The principles and development of mobile robots are active research topics with vast practical demand and future potential. Recent years have witnessed an increasing interest from industry in such applications as service robots (e.g. mail delivery in office buildings, food and medicine delivery in hospitals) and intervention robots (e.g. remote rescue, verification, or surveillance in hazardous environments).
Navigation is normally divided in different functional
blocks. At the highest level is the path planning block, determining the route(s) to be followed in order to achieve a specific objective. At a lower level are the emergency stop, obstacle detection and obstacle avoidance blocks. Localisation determines the robot's position and orientation in the environment coordinate frame. It provides periodic reference data to be used by the other navigation blocks. There is one block, for which there does not exist fully convincing solutions: the path follower. Its role is to map the high level goals, as determined by the path planner, to the actual situations the robot is facing in its motion. As an example, it would be up to the path follower to decide where to go whenever an obstacle is detected. This apparently simple function is not that easy to implement, the main reason being the fact that it entails some sort of mixed reasoning both at high level (the target coordinate framework) and low level (reasoning on what to do considering the sensorial information available).
Application of machine learning (ML) techniques to robotics is a natura idea that has been studied to a relative extent. ML allows easy incorporation of adaptivity, robustness, and other essential properties that are required in robots that will have to manage by themselves in unknown environments. Decision tree (DT) learning is among the most established ML techniques and it has had notable success in many practical applications both within and without robotics. There are many advantages to using DTs rather than alternative techniques.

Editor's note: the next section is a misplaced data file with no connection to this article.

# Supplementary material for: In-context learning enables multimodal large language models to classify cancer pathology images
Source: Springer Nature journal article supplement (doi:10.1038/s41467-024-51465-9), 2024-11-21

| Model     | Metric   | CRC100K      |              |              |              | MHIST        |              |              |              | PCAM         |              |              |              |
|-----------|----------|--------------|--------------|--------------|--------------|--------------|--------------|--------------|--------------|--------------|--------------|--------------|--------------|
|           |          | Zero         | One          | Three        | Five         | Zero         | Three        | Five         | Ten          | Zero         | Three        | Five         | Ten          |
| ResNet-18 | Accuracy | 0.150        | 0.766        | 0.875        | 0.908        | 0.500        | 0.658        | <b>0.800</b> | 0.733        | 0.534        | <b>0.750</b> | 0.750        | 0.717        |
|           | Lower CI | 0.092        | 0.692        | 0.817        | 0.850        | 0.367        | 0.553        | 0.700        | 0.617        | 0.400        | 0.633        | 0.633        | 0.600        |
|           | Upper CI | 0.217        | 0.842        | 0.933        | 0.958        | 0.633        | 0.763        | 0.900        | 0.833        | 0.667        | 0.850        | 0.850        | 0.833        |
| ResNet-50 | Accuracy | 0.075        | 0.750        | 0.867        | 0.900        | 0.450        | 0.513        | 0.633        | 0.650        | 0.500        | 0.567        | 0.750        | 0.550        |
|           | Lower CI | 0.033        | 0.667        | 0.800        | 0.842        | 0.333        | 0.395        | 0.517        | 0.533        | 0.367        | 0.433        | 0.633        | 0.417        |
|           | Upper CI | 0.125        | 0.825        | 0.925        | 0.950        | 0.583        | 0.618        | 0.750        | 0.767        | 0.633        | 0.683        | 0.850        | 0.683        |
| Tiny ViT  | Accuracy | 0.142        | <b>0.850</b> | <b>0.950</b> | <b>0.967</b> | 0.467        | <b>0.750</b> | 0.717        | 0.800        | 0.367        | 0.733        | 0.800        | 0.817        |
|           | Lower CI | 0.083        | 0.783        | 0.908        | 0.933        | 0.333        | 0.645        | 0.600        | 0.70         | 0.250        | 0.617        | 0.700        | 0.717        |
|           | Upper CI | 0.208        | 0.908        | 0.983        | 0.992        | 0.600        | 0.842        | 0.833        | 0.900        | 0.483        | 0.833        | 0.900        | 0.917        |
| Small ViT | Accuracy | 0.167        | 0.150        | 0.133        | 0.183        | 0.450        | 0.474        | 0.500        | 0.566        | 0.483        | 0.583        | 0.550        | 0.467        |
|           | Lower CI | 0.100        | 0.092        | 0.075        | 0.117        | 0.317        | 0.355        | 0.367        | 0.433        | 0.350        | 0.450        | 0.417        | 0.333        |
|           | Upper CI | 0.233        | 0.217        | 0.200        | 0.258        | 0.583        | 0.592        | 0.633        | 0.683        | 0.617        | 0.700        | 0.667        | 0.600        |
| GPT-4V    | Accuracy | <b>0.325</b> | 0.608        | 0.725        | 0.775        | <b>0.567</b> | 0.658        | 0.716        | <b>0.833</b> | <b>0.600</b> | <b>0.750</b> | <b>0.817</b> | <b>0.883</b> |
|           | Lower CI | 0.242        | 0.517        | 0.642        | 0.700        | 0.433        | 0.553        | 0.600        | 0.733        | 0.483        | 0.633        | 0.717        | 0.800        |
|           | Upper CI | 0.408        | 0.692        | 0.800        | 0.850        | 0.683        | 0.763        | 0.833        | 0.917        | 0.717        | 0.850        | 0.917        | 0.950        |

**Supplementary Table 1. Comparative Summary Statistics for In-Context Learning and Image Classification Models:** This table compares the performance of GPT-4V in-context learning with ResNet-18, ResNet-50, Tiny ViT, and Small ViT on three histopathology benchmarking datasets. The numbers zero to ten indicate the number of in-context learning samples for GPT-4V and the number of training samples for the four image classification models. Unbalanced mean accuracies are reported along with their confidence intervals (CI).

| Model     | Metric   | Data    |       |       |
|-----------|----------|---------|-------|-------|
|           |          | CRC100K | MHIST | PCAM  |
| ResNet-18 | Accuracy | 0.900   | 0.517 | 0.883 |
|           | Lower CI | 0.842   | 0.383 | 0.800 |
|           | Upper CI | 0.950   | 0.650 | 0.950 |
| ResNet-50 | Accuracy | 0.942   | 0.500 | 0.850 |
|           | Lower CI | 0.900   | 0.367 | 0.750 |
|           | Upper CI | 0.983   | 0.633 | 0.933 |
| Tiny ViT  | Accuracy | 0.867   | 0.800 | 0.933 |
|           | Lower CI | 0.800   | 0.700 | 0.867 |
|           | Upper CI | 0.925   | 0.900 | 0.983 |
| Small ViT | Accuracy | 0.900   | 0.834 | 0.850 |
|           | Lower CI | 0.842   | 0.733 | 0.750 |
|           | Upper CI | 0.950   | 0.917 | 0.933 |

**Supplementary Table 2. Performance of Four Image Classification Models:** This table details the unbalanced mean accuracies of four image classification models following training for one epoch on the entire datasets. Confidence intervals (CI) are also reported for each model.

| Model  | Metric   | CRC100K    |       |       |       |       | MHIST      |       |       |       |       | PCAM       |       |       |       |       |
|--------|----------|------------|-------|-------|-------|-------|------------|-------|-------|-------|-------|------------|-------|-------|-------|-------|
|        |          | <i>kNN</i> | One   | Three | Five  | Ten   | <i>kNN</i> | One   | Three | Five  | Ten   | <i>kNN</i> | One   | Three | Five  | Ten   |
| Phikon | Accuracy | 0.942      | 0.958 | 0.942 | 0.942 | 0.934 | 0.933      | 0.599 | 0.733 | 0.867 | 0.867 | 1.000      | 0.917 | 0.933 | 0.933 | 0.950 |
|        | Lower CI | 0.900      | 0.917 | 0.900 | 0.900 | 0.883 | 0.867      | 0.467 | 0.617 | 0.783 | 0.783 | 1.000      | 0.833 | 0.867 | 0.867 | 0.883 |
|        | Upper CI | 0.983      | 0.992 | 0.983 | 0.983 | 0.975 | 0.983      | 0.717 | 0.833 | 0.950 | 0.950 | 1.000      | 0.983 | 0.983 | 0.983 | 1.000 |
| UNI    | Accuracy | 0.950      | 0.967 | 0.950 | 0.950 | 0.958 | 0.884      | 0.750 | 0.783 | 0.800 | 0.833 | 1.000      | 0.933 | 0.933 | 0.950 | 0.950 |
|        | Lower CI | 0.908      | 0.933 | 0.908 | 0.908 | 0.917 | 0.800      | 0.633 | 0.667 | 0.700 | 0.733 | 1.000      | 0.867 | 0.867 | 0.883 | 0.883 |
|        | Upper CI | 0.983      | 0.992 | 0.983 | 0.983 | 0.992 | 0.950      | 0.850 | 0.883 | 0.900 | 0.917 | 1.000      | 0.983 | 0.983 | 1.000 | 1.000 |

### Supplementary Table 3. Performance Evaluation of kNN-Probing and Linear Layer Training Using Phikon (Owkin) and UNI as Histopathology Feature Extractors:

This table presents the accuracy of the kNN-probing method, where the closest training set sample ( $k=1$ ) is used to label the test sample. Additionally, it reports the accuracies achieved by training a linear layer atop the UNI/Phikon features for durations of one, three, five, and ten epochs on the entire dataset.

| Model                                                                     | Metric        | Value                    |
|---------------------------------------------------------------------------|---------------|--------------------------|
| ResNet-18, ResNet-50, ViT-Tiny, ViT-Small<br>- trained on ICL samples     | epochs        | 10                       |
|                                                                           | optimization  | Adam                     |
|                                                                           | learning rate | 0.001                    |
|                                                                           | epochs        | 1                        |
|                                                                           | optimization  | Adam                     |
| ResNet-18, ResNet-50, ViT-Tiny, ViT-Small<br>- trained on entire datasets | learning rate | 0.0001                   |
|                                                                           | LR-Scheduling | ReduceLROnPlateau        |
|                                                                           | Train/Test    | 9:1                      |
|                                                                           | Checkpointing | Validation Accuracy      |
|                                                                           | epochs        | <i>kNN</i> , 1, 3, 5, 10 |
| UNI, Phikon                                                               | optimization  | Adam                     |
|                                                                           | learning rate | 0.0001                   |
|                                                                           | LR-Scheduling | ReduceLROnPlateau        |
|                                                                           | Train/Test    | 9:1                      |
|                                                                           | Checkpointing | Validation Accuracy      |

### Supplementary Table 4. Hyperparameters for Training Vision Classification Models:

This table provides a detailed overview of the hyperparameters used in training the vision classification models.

The underlying purpose of this project is to explore the application potential of symbolic ML techniques in autonomous mobile robot navigation. The practical aim is to develop a path follower utilizing DT learning and, thus, create a full-scale navigation facility for an autonomous vehicle roaming around in a dynamic environment. The project continues work that has been going on in the Host Institution for five years now. The ground work has been laid in Santos' dissertation, where the basic obstacle avoidance component was developed, and in the work of Millan, which shows how goal-oriented strategies can be learned from experience. The obstacle avoidance module makes use of neural networks and a local (to the vehicle) perception map that is built on the basis of the data provided by the ultrasonic sensors of the robot. Millan's work utilizes reinforcement learning technique. These two projects have solved and implemented modules at the far-ends of a working navigation system. However, the obstacle avoidance system can only prevent the robot from bumbing into things by navigating the free space and contouring an obstacle that it happens to come across. No method for following a path given by, e.g. Millan's, path planner is provided. Hence, the two modules, as yet, cannot cooperate. The practical objective of this project is to bridge this gap and devel a DT-based system that can implement teleological (purposeful) local navigation instead of simply avoiding obstacles that happen to fall on the robot's path. More ground-laying objectives are to explore the utility of ML in a concrete, well-defined application and to investigate the structure of the navigation system of a mobile vehicle.